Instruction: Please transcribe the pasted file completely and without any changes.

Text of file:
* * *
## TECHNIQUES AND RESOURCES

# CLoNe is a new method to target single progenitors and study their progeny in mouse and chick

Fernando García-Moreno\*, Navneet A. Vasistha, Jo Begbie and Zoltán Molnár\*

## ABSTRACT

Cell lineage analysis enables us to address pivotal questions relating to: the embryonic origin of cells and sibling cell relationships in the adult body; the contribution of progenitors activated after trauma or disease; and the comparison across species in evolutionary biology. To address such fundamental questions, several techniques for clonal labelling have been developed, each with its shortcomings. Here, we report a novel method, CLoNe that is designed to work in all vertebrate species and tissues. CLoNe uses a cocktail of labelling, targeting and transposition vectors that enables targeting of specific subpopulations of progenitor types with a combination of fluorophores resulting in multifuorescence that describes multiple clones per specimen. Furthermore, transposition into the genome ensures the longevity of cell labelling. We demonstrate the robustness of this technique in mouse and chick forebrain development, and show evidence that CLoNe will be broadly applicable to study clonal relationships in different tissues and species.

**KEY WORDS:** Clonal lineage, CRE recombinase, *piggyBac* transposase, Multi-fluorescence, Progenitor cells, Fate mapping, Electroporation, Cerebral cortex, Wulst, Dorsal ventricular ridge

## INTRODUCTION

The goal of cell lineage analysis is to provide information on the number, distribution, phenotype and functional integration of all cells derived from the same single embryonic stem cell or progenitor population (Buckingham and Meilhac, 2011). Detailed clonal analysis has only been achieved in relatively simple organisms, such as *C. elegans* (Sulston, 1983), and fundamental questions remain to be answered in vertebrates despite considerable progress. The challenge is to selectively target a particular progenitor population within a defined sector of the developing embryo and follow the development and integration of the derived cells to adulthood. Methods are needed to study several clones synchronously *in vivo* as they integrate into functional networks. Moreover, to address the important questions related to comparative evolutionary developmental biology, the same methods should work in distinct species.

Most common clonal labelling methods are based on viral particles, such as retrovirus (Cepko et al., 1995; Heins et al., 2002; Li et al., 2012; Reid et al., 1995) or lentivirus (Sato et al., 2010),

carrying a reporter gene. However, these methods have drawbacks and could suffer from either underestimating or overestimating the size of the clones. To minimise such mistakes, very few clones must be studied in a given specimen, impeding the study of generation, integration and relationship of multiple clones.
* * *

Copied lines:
## TECHNIQUES AND RESOURCES

# CLoNe is a new method to target single progenitors and study their progeny in mouse and chick

Fernando García-Moreno\*, Navneet A. Vasistha, Jo Begbie and Zoltán Molnár\*

## ABSTRACT

Cell lineage analysis enables us to address pivotal questions relating to: the embryonic origin of cells and sibling cell relationships in the adult body; the contribution of progenitors activated after trauma or disease; and the comparison across species in evolutionary biology. To address such fundamental questions, several techniques for clonal labelling have been developed, each with its shortcomings. Here, we report a novel method, CLoNe that is designed to work in all vertebrate species and tissues. CLoNe uses a cocktail of labelling, targeting and transposition vectors that enables targeting of specific subpopulations of progenitor types with a combination of fluorophores resulting in multifuorescence that describes multiple clones per specimen. Furthermore, transposition into the genome ensures the longevity of cell labelling. We demonstrate the robustness of this technique in mouse and chick forebrain development, and show evidence that CLoNe will be broadly applicable to study clonal relationships in different tissues and species.

**KEY WORDS:** Clonal lineage, CRE recombinase, *piggyBac* transposase, Multi-fluorescence, Progenitor cells, Fate mapping, Electroporation, Cerebral cortex, Wulst, Dorsal ventricular ridge

## INTRODUCTION

The goal of cell lineage analysis is to provide information on the number, distribution, phenotype and functional integration of all cells derived from the same single embryonic stem cell or progenitor population (Buckingham and Meilhac, 2011). Detailed clonal analysis has only been achieved in relatively simple organisms, such as *C. elegans* (Sulston, 1983), and fundamental questions remain to be answered in vertebrates despite considerable progress. The challenge is to selectively target a particular progenitor population within a defined sector of the developing embryo and follow the development and integration of the derived cells to adulthood. Methods are needed to study several clones synchronously *in vivo* as they integrate into functional networks. Moreover, to address the important questions related to comparative evolutionary developmental biology, the same methods should work in distinct species.

Most common clonal labelling methods are based on viral particles, such as retrovirus (Cepko et al., 1995; Heins et al., 2002; Li et al., 2012; Reid et al., 1995) or lentivirus (Sato et al., 2010),

carrying a reporter gene. However, these methods have drawbacks and could suffer from either underestimating or overestimating the size of the clones. To minimise such mistakes, very few clones must be studied in a given specimen, impeding the study of generation, integration and relationship of multiple clones.